Artwork

Humanities and Social Sciences Archives - Pod Academy and Social Sciences Archives - Pod Academy에서 제공하는 콘텐츠입니다. 에피소드, 그래픽, 팟캐스트 설명을 포함한 모든 팟캐스트 콘텐츠는 Humanities and Social Sciences Archives - Pod Academy and Social Sciences Archives - Pod Academy 또는 해당 팟캐스트 플랫폼 파트너가 직접 업로드하고 제공합니다. 누군가가 귀하의 허락 없이 귀하의 저작물을 사용하고 있다고 생각되는 경우 여기에 설명된 절차를 따르실 수 있습니다 https://ko.player.fm/legal.
Player FM -팟 캐스트 앱
Player FM 앱으로 오프라인으로 전환하세요!

Slang: a ‘dench’ podcast

16:10
 
공유
 

Manage episode 121001309 series 101471
Humanities and Social Sciences Archives - Pod Academy and Social Sciences Archives - Pod Academy에서 제공하는 콘텐츠입니다. 에피소드, 그래픽, 팟캐스트 설명을 포함한 모든 팟캐스트 콘텐츠는 Humanities and Social Sciences Archives - Pod Academy and Social Sciences Archives - Pod Academy 또는 해당 팟캐스트 플랫폼 파트너가 직접 업로드하고 제공합니다. 누군가가 귀하의 허락 없이 귀하의 저작물을 사용하고 있다고 생각되는 경우 여기에 설명된 절차를 따르실 수 있습니다 https://ko.player.fm/legal.

Podcast produced by Lee Millam

Slang. In this podcast Tony Thorne, former Head of the Language Centre, now Visiting Consultant, at King’s College, London and author of the Bloomsbury Dictionary of Contemporary Slang, looks at what slang is, how it’s used, where it comes from and what words are being used as part of our everyday language.

Dictionary of Slang book jacket

Slang should be easy to define, but in fact no one has ever come up with a satisfactory definition. Slang is one of the most informal varieties of language, it is usually new, controversial, exotic, often naughty and deviant (or pretends to be).

Probably all languages have had slang, but it was not recorded until the 18th century. It was marginal and taboo, the language of criminals, beggars and tramps.

It is a language that keep the outsiders out (parents, police etc) and using it makes you an insider, part of an exclusive elite. It is often developed in closed communities (prisons, public schools), and by private groups (taxi drivers, soldiers, sailors, criminals) but now that is not the main source of new slang – the internet has introduced something totally new – now most slang is developed by young people from 12 years of age. Words like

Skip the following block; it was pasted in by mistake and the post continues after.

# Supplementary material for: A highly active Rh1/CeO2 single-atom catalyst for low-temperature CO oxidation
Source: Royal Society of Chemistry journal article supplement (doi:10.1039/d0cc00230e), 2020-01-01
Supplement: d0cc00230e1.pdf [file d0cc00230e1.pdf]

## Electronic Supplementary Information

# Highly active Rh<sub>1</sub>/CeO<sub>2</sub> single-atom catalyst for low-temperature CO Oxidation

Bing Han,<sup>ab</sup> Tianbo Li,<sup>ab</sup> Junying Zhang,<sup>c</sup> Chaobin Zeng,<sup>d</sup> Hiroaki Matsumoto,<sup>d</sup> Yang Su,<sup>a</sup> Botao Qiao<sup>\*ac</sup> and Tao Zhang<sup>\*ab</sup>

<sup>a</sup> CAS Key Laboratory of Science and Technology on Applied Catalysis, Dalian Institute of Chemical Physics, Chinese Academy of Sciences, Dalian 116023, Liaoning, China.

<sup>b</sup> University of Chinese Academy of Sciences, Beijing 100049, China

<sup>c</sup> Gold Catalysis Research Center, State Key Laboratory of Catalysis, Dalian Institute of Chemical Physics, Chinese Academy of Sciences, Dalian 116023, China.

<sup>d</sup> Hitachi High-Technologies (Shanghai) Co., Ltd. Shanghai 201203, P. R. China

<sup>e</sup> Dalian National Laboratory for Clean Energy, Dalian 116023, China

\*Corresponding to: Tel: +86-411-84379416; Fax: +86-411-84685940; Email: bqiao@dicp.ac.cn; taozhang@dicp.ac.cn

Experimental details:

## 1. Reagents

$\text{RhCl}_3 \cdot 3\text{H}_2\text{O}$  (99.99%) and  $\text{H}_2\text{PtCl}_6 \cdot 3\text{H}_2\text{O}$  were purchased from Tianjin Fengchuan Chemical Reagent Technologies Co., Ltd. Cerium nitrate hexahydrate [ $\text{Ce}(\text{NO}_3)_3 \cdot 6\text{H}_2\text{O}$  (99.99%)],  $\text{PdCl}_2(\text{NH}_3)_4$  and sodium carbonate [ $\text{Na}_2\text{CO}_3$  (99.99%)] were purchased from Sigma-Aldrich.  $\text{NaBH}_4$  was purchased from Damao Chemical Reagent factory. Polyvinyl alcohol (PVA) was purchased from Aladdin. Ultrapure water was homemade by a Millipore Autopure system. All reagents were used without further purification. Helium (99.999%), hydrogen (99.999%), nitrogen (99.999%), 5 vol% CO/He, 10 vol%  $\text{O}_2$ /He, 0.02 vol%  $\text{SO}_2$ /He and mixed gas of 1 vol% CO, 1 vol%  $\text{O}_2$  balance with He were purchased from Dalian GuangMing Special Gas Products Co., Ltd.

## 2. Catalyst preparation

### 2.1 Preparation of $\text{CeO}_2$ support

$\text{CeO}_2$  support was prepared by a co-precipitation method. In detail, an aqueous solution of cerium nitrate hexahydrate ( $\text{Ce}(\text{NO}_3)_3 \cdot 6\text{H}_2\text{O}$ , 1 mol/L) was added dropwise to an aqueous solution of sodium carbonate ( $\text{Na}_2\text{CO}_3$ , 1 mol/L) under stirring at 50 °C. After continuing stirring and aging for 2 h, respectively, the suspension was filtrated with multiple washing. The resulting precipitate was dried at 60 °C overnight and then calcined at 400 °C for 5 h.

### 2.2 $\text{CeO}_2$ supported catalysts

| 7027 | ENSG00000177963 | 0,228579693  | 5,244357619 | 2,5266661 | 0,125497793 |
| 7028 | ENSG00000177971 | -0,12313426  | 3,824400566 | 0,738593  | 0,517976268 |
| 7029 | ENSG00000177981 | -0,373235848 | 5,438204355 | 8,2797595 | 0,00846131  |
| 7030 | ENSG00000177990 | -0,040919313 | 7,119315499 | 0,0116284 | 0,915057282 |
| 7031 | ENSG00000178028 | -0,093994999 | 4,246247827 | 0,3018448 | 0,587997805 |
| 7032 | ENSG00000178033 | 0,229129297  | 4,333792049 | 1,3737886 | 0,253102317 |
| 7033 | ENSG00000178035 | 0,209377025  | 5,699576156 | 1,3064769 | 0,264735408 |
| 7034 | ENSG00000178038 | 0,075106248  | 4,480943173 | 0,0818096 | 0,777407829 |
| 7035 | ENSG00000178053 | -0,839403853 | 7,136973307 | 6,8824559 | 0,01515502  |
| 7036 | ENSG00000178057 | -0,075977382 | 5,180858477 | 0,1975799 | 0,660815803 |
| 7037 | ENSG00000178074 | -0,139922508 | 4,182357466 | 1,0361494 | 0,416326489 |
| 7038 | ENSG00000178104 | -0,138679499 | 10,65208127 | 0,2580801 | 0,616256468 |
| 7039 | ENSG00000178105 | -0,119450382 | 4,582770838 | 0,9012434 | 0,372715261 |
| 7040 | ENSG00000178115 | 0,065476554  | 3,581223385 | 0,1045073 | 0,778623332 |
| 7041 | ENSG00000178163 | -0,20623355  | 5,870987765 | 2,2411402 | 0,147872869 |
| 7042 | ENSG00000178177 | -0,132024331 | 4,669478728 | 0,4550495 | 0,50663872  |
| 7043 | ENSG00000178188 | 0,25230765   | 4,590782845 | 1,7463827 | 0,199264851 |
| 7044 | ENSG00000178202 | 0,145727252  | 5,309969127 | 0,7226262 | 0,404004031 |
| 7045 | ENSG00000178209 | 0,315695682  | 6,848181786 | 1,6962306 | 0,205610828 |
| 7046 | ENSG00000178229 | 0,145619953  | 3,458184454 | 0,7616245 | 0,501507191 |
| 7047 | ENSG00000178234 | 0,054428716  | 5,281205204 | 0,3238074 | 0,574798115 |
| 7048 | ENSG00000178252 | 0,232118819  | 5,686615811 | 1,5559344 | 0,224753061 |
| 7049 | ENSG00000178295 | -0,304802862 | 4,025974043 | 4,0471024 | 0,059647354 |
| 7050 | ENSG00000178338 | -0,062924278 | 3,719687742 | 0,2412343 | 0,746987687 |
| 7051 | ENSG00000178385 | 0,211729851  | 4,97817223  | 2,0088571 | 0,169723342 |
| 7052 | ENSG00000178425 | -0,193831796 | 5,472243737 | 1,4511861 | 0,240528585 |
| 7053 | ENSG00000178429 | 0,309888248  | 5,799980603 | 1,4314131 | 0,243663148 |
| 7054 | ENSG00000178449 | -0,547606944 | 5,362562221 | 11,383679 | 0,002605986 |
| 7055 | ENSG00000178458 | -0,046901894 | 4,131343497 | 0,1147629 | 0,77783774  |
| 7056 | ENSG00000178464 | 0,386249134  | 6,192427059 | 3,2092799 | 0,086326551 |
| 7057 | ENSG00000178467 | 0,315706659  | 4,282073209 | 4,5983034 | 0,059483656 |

• Dench – wonderful
  • Moist – awful
  • Dint – a stupid, embarrassing person
  • CBA – can’t be arsed
  • Butters – unattractive

Some slang words have been around for over a hundred years, for example, ‘cool’, ‘dosh’, ‘punk’. Whereas punk has changed its meaning over that time, cool and dosh have stayed roughly the same, which is unusual because mostly slang has to be reinvented to remain exclusive.

Social media have had two main impacts on slang. Firstly they have introduced new language to go with what people do with a medium, eg FaceBook – ‘fraped’, ‘frenemy’, and LOL and OMG. Secondly, social media have enabled slang to spread, indeed we do not know where in the Anglosphere some words have originated – was ‘dint’ first used in Australia, Canada, US, the Caribbean, UK?

Lots of parents and teachers are afraid it is damaging young people’s ability to use standard language, but that is not the case, it is about speech communities who share a language. It does not usually undermine young people’s language ability. Most young people are very good at ‘code switching’, they don’t use slang in a job interview or essay, but they do use it in the club, in the street, in the school playground.

Slang is no longer taboo, it creeps into all the media – newspapers and magazines as well as online media. It is no longer forbidden, it is allowed in the home. And of course we no longer have those authority figures who in the past could proscribe the use of slang. Young people do not any longer listen to the police, the government or parents as a linguistic authority. They have their own domains in which to communicate. Saga has developed an app for the over 50s explaining sports slang to older people.

But old people can feel uncomfortable with all this – they feel they are losing control of language and language is, after all, what gives us our identity. There is a dictionary of ‘granny slang’ with words like ‘galivanting’ and ‘bamboozling’ – words that young people think are slang but are just colloquial expressions used by granny’s generation!

There is no danger in slang as long as we talk about it and analyse it, and it is good to exchange examples of slang between the generations.